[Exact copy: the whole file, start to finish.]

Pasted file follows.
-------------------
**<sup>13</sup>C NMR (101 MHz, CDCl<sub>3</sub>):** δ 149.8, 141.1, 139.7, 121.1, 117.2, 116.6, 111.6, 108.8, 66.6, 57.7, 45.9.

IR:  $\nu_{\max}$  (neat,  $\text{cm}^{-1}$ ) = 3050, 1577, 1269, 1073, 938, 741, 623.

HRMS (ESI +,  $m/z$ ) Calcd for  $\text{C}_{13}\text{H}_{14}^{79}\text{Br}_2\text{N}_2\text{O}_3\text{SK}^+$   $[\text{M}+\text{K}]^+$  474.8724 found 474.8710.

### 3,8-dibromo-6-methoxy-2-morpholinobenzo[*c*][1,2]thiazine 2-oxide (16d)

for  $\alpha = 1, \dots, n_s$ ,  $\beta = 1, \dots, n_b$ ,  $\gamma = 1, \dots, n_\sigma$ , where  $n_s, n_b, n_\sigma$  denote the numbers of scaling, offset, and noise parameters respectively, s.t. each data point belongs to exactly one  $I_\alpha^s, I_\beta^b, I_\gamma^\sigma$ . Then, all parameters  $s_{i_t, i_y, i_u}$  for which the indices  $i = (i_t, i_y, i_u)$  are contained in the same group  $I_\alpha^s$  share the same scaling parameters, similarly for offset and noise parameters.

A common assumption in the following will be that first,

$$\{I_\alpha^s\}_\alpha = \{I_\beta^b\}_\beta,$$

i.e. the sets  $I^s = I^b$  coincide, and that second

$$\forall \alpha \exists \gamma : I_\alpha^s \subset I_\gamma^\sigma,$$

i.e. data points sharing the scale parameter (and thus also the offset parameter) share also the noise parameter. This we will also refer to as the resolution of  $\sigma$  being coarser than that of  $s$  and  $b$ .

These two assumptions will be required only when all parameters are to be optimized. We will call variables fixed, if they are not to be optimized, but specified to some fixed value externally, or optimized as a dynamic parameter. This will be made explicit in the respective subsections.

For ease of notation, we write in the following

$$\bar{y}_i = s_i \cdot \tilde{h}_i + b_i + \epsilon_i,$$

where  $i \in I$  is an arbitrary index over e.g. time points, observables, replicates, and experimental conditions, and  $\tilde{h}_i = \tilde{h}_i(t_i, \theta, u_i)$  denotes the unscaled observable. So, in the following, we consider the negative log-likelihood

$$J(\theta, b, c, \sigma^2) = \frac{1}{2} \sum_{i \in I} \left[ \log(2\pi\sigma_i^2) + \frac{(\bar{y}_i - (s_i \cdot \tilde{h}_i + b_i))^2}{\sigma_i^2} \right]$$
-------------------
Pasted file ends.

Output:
**<sup>13</sup>C NMR (101 MHz, CDCl<sub>3</sub>):** δ 149.8, 141.1, 139.7, 121.1, 117.2, 116.6, 111.6, 108.8, 66.6, 57.7, 45.9.

IR:  $\nu_{\max}$  (neat,  $\text{cm}^{-1}$ ) = 3050, 1577, 1269, 1073, 938, 741, 623.

HRMS (ESI +,  $m/z$ ) Calcd for  $\text{C}_{13}\text{H}_{14}^{79}\text{Br}_2\text{N}_2\text{O}_3\text{SK}^+$   $[\text{M}+\text{K}]^+$  474.8724 found 474.8710.

### 3,8-dibromo-6-methoxy-2-morpholinobenzo[*c*][1,2]thiazine 2-oxide (16d)

for  $\alpha = 1, \dots, n_s$ ,  $\beta = 1, \dots, n_b$ ,  $\gamma = 1, \dots, n_\sigma$ , where  $n_s, n_b, n_\sigma$  denote the numbers of scaling, offset, and noise parameters respectively, s.t. each data point belongs to exactly one  $I_\alpha^s, I_\beta^b, I_\gamma^\sigma$ . Then, all parameters  $s_{i_t, i_y, i_u}$  for which the indices  $i = (i_t, i_y, i_u)$  are contained in the same group  $I_\alpha^s$  share the same scaling parameters, similarly for offset and noise parameters.

A common assumption in the following will be that first,

$$\{I_\alpha^s\}_\alpha = \{I_\beta^b\}_\beta,$$

i.e. the sets  $I^s = I^b$  coincide, and that second

$$\forall \alpha \exists \gamma : I_\alpha^s \subset I_\gamma^\sigma,$$

i.e. data points sharing the scale parameter (and thus also the offset parameter) share also the noise parameter. This we will also refer to as the resolution of  $\sigma$  being coarser than that of  $s$  and  $b$ .

These two assumptions will be required only when all parameters are to be optimized. We will call variables fixed, if they are not to be optimized, but specified to some fixed value externally, or optimized as a dynamic parameter. This will be made explicit in the respective subsections.

For ease of notation, we write in the following

$$\bar{y}_i = s_i \cdot \tilde{h}_i + b_i + \epsilon_i,$$

where  $i \in I$  is an arbitrary index over e.g. time points, observables, replicates, and experimental conditions, and  $\tilde{h}_i = \tilde{h}_i(t_i, \theta, u_i)$  denotes the unscaled observable. So, in the following, we consider the negative log-likelihood

$$J(\theta, b, c, \sigma^2) = \frac{1}{2} \sum_{i \in I} \left[ \log(2\pi\sigma_i^2) + \frac{(\bar{y}_i - (s_i \cdot \tilde{h}_i + b_i))^2}{\sigma_i^2} \right]$$